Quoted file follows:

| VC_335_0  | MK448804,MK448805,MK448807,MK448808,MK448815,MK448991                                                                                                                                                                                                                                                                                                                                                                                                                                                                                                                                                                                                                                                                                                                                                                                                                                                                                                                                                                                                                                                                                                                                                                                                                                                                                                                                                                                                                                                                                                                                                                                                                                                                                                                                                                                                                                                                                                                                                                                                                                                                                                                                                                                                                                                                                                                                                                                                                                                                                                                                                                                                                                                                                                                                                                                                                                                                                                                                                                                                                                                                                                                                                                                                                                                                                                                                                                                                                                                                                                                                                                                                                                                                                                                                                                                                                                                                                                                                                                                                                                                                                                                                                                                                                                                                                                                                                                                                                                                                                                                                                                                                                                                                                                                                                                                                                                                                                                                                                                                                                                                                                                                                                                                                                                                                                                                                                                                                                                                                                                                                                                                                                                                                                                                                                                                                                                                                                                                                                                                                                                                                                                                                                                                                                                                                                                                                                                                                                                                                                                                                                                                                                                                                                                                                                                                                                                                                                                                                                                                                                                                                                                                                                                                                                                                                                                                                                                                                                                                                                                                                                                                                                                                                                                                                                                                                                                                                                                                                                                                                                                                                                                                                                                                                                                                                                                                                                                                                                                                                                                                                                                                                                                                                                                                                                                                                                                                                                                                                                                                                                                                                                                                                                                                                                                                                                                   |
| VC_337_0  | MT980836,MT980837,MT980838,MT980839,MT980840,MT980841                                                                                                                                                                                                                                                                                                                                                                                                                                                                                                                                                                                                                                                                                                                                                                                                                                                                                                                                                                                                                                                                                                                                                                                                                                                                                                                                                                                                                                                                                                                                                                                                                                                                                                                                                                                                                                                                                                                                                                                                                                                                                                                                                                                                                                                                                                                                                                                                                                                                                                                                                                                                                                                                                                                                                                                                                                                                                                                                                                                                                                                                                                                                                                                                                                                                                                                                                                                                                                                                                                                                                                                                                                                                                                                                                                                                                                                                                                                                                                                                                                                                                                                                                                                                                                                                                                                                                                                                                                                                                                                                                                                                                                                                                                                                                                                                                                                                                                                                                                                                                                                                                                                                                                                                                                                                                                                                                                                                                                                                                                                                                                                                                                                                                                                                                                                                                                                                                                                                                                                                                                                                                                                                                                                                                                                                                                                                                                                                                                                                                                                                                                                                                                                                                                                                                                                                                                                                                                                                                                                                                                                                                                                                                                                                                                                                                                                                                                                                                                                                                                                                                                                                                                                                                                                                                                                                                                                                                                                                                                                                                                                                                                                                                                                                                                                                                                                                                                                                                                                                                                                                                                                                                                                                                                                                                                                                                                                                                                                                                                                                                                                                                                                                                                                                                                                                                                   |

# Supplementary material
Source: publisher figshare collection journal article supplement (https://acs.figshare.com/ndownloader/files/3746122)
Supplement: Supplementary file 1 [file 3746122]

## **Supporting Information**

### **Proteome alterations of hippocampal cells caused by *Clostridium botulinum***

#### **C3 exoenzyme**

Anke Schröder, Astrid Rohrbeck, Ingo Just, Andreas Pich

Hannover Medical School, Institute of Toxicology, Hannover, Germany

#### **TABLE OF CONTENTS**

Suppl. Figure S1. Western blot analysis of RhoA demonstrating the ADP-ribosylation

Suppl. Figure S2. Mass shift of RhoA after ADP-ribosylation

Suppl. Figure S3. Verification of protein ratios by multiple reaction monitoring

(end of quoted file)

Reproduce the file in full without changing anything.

| VC_335_0  | MK448804,MK448805,MK448807,MK448808,MK448815,MK448991                                                                                                                                                                                                                                                                                                                                                                                                                                                                                                                                                                                                                                                                                                                                                                                                                                                                                                                                                                                                                                                                                                                                                                                                                                                                                                                                                                                                                                                                                                                                                                                                                                                                                                                                                                                                                                                                                                                                                                                                                                                                                                                                                                                                                                                                                                                                                                                                                                                                                                                                                                                                                                                                                                                                                                                                                                                                                                                                                                                                                                                                                                                                                                                                                                                                                                                                                                                                                                                                                                                                                                                                                                                                                                                                                                                                                                                                                                                                                                                                                                                                                                                                                                                                                                                                                                                                                                                                                                                                                                                                                                                                                                                                                                                                                                                                                                                                                                                                                                                                                                                                                                                                                                                                                                                                                                                                                                                                                                                                                                                                                                                                                                                                                                                                                                                                                                                                                                                                                                                                                                                                                                                                                                                                                                                                                                                                                                                                                                                                                                                                                                                                                                                                                                                                                                                                                                                                                                                                                                                                                                                                                                                                                                                                                                                                                                                                                                                                                                                                                                                                                                                                                                                                                                                                                                                                                                                                                                                                                                                                                                                                                                                                                                                                                                                                                                                                                                                                                                                                                                                                                                                                                                                                                                                                                                                                                                                                                                                                                                                                                                                                                                                                                                                                                                                                                                   |
| VC_337_0  | MT980836,MT980837,MT980838,MT980839,MT980840,MT980841                                                                                                                                                                                                                                                                                                                                                                                                                                                                                                                                                                                                                                                                                                                                                                                                                                                                                                                                                                                                                                                                                                                                                                                                                                                                                                                                                                                                                                                                                                                                                                                                                                                                                                                                                                                                                                                                                                                                                                                                                                                                                                                                                                                                                                                                                                                                                                                                                                                                                                                                                                                                                                                                                                                                                                                                                                                                                                                                                                                                                                                                                                                                                                                                                                                                                                                                                                                                                                                                                                                                                                                                                                                                                                                                                                                                                                                                                                                                                                                                                                                                                                                                                                                                                                                                                                                                                                                                                                                                                                                                                                                                                                                                                                                                                                                                                                                                                                                                                                                                                                                                                                                                                                                                                                                                                                                                                                                                                                                                                                                                                                                                                                                                                                                                                                                                                                                                                                                                                                                                                                                                                                                                                                                                                                                                                                                                                                                                                                                                                                                                                                                                                                                                                                                                                                                                                                                                                                                                                                                                                                                                                                                                                                                                                                                                                                                                                                                                                                                                                                                                                                                                                                                                                                                                                                                                                                                                                                                                                                                                                                                                                                                                                                                                                                                                                                                                                                                                                                                                                                                                                                                                                                                                                                                                                                                                                                                                                                                                                                                                                                                                                                                                                                                                                                                                                                   |

# Supplementary material
Source: publisher figshare collection journal article supplement (https://acs.figshare.com/ndownloader/files/3746122)
Supplement: Supplementary file 1 [file 3746122]

## **Supporting Information**

### **Proteome alterations of hippocampal cells caused by *Clostridium botulinum***

#### **C3 exoenzyme**

Anke Schröder, Astrid Rohrbeck, Ingo Just, Andreas Pich

Hannover Medical School, Institute of Toxicology, Hannover, Germany

#### **TABLE OF CONTENTS**

Suppl. Figure S1. Western blot analysis of RhoA demonstrating the ADP-ribosylation

Suppl. Figure S2. Mass shift of RhoA after ADP-ribosylation

Suppl. Figure S3. Verification of protein ratios by multiple reaction monitoring